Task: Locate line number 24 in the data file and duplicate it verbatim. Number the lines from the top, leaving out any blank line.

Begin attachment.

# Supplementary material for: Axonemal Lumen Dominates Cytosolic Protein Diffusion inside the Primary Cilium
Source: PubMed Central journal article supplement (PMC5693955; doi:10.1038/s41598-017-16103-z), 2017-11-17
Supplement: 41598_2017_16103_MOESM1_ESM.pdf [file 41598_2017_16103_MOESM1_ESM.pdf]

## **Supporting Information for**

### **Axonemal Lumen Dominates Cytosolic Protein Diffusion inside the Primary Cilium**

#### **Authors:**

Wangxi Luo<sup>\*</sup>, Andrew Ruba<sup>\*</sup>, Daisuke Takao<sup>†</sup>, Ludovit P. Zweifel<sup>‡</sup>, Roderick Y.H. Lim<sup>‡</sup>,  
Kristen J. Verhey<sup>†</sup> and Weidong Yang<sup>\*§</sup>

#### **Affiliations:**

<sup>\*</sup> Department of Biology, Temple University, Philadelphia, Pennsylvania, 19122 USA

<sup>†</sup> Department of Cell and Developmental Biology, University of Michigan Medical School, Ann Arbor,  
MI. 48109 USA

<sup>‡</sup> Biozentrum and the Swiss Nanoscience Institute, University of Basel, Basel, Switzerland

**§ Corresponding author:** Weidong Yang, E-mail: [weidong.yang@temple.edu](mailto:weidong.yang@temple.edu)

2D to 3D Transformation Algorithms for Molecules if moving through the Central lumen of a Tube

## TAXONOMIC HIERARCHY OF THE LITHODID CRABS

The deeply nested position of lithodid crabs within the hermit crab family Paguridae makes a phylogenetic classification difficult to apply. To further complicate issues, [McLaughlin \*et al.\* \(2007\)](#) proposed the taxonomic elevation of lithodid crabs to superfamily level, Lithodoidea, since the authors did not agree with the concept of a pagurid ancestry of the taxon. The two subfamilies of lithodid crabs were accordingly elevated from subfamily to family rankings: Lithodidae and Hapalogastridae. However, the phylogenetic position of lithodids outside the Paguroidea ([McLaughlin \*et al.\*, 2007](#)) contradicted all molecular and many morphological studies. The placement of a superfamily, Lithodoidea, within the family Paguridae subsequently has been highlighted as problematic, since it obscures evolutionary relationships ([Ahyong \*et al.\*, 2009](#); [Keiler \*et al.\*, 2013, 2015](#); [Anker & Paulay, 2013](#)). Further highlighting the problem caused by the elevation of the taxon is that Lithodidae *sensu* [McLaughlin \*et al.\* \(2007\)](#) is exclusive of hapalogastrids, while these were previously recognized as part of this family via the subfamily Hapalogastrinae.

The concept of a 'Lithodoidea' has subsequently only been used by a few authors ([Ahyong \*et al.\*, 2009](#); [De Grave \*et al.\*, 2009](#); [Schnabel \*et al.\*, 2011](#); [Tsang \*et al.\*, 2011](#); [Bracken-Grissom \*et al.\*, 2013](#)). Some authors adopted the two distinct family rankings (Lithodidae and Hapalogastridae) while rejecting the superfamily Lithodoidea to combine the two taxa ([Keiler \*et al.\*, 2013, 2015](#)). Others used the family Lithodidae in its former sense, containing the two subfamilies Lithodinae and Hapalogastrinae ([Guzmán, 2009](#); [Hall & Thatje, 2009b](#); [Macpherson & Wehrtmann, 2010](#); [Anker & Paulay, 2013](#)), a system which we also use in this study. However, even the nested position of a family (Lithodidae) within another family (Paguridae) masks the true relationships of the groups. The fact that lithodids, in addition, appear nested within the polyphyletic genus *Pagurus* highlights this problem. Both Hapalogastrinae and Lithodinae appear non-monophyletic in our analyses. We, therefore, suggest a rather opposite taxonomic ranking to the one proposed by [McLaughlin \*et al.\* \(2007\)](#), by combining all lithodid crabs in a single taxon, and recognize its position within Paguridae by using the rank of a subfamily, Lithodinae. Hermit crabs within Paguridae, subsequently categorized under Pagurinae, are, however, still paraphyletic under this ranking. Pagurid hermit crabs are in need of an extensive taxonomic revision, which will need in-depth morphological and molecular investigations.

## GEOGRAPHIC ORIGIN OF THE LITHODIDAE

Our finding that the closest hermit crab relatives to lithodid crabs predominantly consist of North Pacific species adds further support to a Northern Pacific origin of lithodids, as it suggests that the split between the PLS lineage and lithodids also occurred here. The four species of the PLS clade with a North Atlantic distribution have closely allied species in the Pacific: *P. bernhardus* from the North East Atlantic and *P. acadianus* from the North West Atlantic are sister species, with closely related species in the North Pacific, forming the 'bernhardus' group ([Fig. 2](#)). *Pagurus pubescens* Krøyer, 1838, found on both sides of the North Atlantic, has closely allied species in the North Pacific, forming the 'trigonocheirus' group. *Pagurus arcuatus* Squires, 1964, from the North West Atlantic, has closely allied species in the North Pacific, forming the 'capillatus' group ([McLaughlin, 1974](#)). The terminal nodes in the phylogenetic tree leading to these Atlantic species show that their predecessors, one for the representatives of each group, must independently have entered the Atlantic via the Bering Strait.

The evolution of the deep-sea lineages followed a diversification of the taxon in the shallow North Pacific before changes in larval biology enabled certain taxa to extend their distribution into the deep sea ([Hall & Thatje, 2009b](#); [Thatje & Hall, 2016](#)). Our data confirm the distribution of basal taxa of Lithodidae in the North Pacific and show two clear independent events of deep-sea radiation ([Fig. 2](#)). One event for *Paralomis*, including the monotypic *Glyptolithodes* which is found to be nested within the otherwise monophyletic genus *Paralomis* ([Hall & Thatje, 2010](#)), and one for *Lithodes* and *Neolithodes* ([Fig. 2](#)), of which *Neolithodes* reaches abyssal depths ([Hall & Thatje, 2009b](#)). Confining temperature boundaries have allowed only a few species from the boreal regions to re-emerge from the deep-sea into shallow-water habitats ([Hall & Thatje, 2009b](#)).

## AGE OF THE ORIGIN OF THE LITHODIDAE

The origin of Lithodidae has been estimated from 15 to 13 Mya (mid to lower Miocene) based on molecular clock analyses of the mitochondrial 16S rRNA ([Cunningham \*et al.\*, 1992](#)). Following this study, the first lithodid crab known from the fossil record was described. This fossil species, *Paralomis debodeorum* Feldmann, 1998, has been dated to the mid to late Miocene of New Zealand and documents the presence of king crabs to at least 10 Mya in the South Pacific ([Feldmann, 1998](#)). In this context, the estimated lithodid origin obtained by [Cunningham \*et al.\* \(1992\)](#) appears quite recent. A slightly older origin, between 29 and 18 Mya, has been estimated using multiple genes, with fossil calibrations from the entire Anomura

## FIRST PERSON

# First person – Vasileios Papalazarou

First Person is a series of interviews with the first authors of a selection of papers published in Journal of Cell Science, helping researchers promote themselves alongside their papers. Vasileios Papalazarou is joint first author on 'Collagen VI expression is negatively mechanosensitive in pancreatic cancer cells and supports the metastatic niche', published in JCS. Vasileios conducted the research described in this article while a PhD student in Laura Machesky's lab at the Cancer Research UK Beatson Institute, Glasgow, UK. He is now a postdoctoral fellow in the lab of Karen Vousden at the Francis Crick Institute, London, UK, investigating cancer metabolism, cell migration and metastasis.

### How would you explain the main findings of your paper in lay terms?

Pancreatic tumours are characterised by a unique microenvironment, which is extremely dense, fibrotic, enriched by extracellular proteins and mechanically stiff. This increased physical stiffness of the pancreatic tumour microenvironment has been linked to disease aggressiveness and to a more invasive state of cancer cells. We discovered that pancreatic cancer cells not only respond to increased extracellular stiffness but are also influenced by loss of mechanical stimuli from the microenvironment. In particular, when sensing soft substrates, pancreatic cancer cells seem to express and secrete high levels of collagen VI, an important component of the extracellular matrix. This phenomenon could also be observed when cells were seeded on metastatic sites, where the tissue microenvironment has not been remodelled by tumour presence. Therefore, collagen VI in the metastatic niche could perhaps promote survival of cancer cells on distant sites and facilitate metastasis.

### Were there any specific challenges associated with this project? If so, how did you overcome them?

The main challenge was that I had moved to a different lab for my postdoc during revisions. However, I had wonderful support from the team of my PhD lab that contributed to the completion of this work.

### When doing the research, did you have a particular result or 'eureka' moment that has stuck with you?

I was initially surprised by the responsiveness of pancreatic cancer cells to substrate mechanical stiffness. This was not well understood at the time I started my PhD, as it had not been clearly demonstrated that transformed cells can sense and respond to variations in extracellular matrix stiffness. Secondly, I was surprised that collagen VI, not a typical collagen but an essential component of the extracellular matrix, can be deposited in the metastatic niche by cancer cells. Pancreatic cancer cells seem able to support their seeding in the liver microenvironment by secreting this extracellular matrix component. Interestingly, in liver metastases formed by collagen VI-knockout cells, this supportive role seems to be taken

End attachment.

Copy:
## FIRST PERSON